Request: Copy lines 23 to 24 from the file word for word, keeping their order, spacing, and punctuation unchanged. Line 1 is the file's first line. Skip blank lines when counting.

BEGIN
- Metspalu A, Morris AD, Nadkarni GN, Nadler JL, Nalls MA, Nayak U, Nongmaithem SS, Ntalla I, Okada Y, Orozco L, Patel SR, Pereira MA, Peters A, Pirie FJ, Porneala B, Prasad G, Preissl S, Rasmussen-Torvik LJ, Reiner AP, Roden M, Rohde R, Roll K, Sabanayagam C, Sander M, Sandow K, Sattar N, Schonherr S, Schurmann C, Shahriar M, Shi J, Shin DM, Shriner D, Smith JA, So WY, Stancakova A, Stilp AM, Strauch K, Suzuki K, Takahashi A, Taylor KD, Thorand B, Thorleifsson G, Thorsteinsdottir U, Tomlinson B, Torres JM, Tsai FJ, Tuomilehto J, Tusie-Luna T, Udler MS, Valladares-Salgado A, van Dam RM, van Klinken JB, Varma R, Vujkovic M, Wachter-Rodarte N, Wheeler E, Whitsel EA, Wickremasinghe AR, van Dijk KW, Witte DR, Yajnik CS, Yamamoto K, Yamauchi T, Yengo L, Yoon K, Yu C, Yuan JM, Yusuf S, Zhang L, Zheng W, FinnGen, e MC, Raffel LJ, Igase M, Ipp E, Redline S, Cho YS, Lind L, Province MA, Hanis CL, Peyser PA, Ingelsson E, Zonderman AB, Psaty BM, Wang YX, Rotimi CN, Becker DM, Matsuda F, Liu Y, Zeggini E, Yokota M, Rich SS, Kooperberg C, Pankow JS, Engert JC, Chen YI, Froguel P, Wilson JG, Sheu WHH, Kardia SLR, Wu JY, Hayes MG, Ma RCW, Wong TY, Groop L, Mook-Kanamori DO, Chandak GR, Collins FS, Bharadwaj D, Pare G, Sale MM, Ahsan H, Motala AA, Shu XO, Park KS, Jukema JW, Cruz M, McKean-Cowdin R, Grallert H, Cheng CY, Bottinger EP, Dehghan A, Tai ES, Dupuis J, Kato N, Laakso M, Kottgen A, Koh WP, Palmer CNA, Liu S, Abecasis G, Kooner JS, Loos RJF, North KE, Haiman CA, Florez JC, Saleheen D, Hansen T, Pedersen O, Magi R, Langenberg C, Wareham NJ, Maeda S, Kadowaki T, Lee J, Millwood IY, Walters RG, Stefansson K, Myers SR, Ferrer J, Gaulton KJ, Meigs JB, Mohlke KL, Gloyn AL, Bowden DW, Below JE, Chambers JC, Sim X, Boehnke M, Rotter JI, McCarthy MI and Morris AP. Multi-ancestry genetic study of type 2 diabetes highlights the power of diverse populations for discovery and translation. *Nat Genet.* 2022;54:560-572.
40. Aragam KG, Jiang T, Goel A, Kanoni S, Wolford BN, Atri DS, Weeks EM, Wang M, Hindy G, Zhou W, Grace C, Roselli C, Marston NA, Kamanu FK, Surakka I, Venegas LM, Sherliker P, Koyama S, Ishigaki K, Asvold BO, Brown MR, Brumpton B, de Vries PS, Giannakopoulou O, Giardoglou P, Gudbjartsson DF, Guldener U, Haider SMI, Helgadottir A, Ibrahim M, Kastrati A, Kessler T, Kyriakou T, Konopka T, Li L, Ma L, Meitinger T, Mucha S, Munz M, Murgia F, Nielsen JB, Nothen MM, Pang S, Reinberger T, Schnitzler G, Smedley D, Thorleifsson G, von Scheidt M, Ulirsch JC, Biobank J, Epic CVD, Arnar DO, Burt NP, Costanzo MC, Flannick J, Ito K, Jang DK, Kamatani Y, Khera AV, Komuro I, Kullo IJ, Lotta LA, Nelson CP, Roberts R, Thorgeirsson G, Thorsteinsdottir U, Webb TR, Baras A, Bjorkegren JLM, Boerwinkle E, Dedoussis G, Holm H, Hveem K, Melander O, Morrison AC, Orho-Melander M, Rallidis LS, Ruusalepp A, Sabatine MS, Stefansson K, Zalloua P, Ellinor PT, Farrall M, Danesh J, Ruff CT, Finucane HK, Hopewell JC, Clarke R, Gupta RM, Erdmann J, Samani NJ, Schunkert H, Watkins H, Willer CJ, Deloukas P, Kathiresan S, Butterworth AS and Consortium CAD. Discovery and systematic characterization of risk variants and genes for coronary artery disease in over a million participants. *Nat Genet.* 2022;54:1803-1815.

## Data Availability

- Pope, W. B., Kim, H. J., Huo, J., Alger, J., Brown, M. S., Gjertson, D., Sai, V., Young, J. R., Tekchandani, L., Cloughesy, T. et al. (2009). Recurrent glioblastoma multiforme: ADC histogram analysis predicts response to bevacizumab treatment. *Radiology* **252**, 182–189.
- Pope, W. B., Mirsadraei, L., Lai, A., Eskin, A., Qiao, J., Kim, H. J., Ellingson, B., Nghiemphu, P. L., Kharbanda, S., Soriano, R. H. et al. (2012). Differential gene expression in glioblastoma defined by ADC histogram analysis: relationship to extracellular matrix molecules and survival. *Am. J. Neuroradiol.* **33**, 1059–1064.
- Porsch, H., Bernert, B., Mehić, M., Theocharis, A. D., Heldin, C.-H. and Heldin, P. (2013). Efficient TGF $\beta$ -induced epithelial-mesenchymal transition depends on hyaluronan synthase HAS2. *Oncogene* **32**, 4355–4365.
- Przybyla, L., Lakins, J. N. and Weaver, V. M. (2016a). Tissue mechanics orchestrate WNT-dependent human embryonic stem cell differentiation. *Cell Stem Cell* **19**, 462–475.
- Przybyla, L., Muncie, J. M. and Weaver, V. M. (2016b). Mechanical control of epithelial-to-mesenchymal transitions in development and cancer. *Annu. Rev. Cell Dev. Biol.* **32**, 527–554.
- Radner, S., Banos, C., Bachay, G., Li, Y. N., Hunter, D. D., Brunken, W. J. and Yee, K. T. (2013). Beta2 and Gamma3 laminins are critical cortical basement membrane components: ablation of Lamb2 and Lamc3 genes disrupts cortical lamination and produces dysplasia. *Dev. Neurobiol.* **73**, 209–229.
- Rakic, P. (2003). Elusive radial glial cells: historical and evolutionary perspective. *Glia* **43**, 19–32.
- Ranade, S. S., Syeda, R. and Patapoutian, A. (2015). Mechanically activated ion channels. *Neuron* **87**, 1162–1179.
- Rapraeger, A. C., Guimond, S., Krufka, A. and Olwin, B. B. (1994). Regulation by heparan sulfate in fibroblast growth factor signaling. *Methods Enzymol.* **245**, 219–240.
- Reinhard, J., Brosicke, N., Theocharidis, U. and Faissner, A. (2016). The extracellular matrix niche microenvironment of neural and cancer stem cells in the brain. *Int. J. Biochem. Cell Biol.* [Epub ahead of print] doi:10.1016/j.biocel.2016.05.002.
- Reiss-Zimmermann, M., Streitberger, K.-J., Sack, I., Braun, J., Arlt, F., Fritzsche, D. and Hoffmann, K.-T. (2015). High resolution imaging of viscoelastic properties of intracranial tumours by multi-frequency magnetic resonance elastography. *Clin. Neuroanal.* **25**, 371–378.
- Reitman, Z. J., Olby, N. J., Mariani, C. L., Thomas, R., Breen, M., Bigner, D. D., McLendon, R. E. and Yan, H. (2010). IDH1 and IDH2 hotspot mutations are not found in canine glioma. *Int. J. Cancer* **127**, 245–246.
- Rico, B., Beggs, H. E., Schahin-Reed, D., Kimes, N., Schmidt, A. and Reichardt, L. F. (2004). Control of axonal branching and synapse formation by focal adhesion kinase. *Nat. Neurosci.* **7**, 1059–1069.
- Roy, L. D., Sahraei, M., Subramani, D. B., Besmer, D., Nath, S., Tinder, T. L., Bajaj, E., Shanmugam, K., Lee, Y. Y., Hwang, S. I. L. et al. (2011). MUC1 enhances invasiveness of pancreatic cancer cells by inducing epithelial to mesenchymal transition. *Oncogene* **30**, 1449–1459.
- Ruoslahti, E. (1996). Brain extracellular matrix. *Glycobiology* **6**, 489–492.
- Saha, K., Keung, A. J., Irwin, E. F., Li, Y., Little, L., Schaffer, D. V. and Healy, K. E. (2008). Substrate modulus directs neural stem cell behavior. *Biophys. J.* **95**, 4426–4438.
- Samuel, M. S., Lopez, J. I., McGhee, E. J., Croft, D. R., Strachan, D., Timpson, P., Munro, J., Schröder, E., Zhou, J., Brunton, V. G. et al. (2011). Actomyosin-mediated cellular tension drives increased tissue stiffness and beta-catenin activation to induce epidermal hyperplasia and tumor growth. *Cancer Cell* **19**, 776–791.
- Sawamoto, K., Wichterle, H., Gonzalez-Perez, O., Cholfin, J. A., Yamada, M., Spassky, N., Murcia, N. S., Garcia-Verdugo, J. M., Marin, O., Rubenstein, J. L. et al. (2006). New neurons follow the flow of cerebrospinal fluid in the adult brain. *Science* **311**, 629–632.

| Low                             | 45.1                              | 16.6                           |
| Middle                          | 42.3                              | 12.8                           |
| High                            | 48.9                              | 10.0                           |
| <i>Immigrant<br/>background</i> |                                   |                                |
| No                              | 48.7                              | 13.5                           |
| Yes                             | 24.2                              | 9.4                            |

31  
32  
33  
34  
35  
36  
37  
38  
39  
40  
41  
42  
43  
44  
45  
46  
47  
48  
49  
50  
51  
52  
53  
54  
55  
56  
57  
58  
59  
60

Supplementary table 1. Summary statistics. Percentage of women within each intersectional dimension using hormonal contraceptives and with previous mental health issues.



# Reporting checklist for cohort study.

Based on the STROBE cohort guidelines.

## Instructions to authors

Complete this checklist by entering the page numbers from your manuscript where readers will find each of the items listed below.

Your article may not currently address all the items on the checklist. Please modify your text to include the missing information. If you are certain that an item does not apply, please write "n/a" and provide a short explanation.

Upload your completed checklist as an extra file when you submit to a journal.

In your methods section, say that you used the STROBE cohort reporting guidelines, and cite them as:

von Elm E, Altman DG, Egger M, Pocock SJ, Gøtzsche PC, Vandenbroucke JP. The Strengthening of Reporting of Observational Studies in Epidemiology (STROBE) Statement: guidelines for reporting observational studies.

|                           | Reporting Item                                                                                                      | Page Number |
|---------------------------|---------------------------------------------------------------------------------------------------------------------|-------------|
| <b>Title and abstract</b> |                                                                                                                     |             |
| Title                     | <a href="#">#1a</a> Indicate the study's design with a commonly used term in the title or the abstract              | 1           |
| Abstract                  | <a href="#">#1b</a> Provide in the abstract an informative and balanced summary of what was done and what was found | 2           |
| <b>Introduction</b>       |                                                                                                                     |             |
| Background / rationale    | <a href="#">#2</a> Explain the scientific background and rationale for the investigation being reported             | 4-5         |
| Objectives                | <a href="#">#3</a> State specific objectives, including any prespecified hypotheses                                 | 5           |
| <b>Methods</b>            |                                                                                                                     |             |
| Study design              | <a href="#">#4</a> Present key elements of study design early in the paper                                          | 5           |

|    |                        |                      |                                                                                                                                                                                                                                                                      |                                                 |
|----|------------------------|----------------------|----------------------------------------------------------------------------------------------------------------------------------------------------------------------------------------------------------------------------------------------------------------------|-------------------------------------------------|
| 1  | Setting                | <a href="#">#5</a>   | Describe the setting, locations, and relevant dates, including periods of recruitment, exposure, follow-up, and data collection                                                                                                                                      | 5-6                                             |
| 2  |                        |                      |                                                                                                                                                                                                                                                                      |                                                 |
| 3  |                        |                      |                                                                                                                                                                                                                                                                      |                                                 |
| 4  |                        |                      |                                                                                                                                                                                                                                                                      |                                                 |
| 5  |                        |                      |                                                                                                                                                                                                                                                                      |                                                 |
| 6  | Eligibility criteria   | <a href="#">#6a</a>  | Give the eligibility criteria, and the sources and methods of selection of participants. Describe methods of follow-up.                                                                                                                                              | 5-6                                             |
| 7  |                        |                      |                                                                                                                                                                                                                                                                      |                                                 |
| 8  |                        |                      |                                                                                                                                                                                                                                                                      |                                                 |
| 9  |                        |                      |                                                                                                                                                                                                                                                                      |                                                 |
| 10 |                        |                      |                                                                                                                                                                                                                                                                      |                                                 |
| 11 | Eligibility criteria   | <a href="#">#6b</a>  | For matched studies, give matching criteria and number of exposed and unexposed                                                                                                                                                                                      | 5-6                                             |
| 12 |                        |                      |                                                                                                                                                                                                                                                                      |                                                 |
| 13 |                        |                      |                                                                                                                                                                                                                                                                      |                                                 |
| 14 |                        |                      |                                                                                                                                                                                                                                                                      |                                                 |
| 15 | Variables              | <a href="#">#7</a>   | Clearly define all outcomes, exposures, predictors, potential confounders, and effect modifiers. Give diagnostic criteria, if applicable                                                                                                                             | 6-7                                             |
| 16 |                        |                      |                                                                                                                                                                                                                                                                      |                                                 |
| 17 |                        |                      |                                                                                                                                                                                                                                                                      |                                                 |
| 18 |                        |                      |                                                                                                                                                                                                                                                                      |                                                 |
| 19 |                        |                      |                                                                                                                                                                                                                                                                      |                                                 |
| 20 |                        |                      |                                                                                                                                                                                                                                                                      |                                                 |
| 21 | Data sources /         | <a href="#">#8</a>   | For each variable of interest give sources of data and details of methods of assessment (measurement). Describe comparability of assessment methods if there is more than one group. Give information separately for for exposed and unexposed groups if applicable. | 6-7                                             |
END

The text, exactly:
| Middle                          | 42.3                              | 12.8                           |
| High                            | 48.9                              | 10.0                           |